As the complexity of embedded development projects increase, engineering managers are increasingly pressured to find cost-effective development tools that help ensure project success, while at the same time supporting the shorter and shorter project schedules that seems to be the norm these days.
For a development- or project manager, it is critically important the team uses the right tools. Making the wrong tool choice can disrupt any embedded project, resulting in inferior software quality, launch date delays, or cost overruns. Read this blog post to learn how standardization can help out.
Leveraging the benefits of standardization is a good advice. Traditionally, the embedded industry has been deeply fragmented, resulting in inefficiencies and vast duplication of efforts. Small processor core ecosystems had to duplicate commodity "me-too" functionality instead of providing differentiation and innovation. With a plethora of competing CPU cores, the market was full of isolated islands with proprietary microcontroller architectures and their incompatible tool and middleware ecosystems.
As we all know, ARM is taking a stronger and stronger grip on the embedded market and is now the de-facto standard microcontroller architecture. This trend has been strengthened a lot since the introduction of the low-cost Cortex-M0(+) and Cortex-M3 cores, and continues with the powerful Cortex-M4 and Cortex-M7 cores for high-end microcontrollers. And of course, for DSP and application processor type of applications, Cortex-R and Cortex-A are being increasingly used as well. ARM is actively pushing for standardization and portability, through its CMSIS initiative too.
An equally strong paradigm shift has been happening in the embedded tools industry, where the GNU C/C++ compiler and debugger tools (gcc, gdb, binutils, etc.) are quickly emerging as the de-facto standard and default tool solution as well. This trend is valid with both smaller companies who appreciate the better return on investment compared to traditional proprietary tools, as well as multinational corporations who value a tool-chain that exists for almost all CPU architectures in common use, on all relevant host operating systems.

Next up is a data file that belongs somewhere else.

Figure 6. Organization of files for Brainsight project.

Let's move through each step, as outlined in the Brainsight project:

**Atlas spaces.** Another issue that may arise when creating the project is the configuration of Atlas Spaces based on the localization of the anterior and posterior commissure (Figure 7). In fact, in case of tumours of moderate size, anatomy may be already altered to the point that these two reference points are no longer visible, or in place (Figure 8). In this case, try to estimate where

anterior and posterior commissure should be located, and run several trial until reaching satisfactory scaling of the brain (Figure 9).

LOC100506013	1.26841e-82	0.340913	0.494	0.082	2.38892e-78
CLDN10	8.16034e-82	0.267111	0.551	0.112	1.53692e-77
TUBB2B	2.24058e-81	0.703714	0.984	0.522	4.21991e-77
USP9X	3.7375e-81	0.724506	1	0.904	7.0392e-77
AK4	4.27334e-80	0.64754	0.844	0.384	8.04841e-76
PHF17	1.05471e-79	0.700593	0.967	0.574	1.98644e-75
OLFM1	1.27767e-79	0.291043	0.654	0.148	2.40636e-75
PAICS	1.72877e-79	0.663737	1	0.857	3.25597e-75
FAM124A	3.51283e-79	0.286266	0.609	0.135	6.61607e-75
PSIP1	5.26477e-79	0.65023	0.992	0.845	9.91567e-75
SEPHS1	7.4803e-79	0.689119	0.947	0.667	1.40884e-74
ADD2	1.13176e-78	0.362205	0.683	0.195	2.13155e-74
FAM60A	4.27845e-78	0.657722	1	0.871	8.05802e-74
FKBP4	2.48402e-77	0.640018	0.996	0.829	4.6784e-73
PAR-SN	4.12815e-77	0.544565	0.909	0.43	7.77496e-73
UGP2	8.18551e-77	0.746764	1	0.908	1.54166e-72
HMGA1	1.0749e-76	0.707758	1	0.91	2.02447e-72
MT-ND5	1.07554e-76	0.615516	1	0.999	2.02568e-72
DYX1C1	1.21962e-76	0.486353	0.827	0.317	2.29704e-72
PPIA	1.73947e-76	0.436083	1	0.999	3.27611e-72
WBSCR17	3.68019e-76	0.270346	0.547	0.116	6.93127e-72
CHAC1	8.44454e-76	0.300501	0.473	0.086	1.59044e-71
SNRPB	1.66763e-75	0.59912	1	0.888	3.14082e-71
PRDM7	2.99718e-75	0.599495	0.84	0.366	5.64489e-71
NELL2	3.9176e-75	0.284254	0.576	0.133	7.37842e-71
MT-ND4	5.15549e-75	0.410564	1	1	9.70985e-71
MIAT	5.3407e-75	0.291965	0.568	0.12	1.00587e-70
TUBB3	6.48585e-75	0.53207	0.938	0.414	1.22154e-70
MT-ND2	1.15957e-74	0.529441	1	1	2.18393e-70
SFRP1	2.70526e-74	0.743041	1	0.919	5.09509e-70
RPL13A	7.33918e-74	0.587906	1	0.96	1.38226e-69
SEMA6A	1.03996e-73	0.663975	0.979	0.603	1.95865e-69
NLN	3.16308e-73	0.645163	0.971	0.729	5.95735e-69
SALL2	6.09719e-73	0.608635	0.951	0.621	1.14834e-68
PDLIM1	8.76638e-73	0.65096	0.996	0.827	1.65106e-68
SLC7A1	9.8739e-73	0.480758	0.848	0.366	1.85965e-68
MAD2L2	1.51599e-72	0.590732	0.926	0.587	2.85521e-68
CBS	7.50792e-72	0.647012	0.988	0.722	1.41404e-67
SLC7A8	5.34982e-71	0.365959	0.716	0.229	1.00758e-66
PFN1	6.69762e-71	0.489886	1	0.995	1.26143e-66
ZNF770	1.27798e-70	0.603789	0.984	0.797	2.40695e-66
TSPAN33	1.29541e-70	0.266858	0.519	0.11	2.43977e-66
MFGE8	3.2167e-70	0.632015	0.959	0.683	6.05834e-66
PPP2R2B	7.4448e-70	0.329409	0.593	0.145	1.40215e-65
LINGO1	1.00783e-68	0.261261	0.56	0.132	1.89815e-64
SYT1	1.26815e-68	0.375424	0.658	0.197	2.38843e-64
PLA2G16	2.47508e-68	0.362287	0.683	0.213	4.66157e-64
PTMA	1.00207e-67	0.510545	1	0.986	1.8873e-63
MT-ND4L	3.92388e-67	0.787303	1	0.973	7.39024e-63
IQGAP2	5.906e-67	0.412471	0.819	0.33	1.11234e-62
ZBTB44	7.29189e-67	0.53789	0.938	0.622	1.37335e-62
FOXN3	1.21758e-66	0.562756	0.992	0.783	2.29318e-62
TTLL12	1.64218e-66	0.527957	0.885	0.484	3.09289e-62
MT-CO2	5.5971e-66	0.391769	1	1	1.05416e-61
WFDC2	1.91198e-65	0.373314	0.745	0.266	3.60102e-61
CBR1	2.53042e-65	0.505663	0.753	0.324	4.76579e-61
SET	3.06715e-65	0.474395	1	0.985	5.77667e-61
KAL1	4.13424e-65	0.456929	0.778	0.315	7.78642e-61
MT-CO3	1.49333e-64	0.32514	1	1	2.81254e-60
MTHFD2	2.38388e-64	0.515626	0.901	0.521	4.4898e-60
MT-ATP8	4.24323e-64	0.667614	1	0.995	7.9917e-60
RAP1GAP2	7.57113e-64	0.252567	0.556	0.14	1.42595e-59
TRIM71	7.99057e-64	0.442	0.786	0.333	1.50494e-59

Furthermore, the GNU tools help avoid proprietary vendor lock-in and offers second-source suppliers and independent technical support should the need arise. Not being completely in the hands of one proprietary supplier dramatically reduce technical and financial risk. These benefits are not possible with proprietary tools, and goes well beyond just cost savings.
The trend of using tools based on open components is strengthened further with ECLIPSE as the de-facto standard embedded C/C++ IDE, with its supremely powerful feature-set, a flexible plug-in architecture, and cross-platform operating system support.
The large number of corporations and other organizations that help develop the ECLIPSE IDE - plus 3rd party plugin developers - makes it virtually impossible for any embedded tools vendor to keep up with the development pace using a proprietary IDE. Not to mention the productivity gains caused by the familiarity of using the same IDE framework across different product vendors, tool niches, operating systems, or problem areas.
The emerging trend where the combination of the ARM cores, the GNU tools, and the ECLIPSE IDE is quickly becoming a de-facto standard for embedded tools is likely to continue at an accelerated speed. Commercially polished and extended ECLIPSE IDE's, like Atollic TrueSTUDIO, provides a very compelling and cost-effective tool solution for ARM Cortex developers and their managers.
By using tools built on open de-facto standards - like the Eclipse IDE and the GNU compiler/debugger - your company will reduce the cost and time wasted on retraining, which is commonly required when using various proprietary tool solutions. And by using tools build on top of open components everyone already know, different developers can more easily move around across projects and work-tasks, thus creating a more flexible, dynamic and effective development team.
With Atollic TrueSTUDIO, you get a rock-solid and trusted tool, built on open standards using a flexible and extensible IDE platform. You can thus avoid vendor lock-in and rely on a tool built on components with a massive user base. Furthermore, TrueSTUDIO provides best-in-class functionality in terms of edit/compile/debug capabilities, as well as team collaboration and developer productivity. And it is affordable and comes with professional technical support.
Do you want to learn more on commercially polished and extended ECLIPSE/GNU tools for ARM Cortex-M? Read this whitepaper: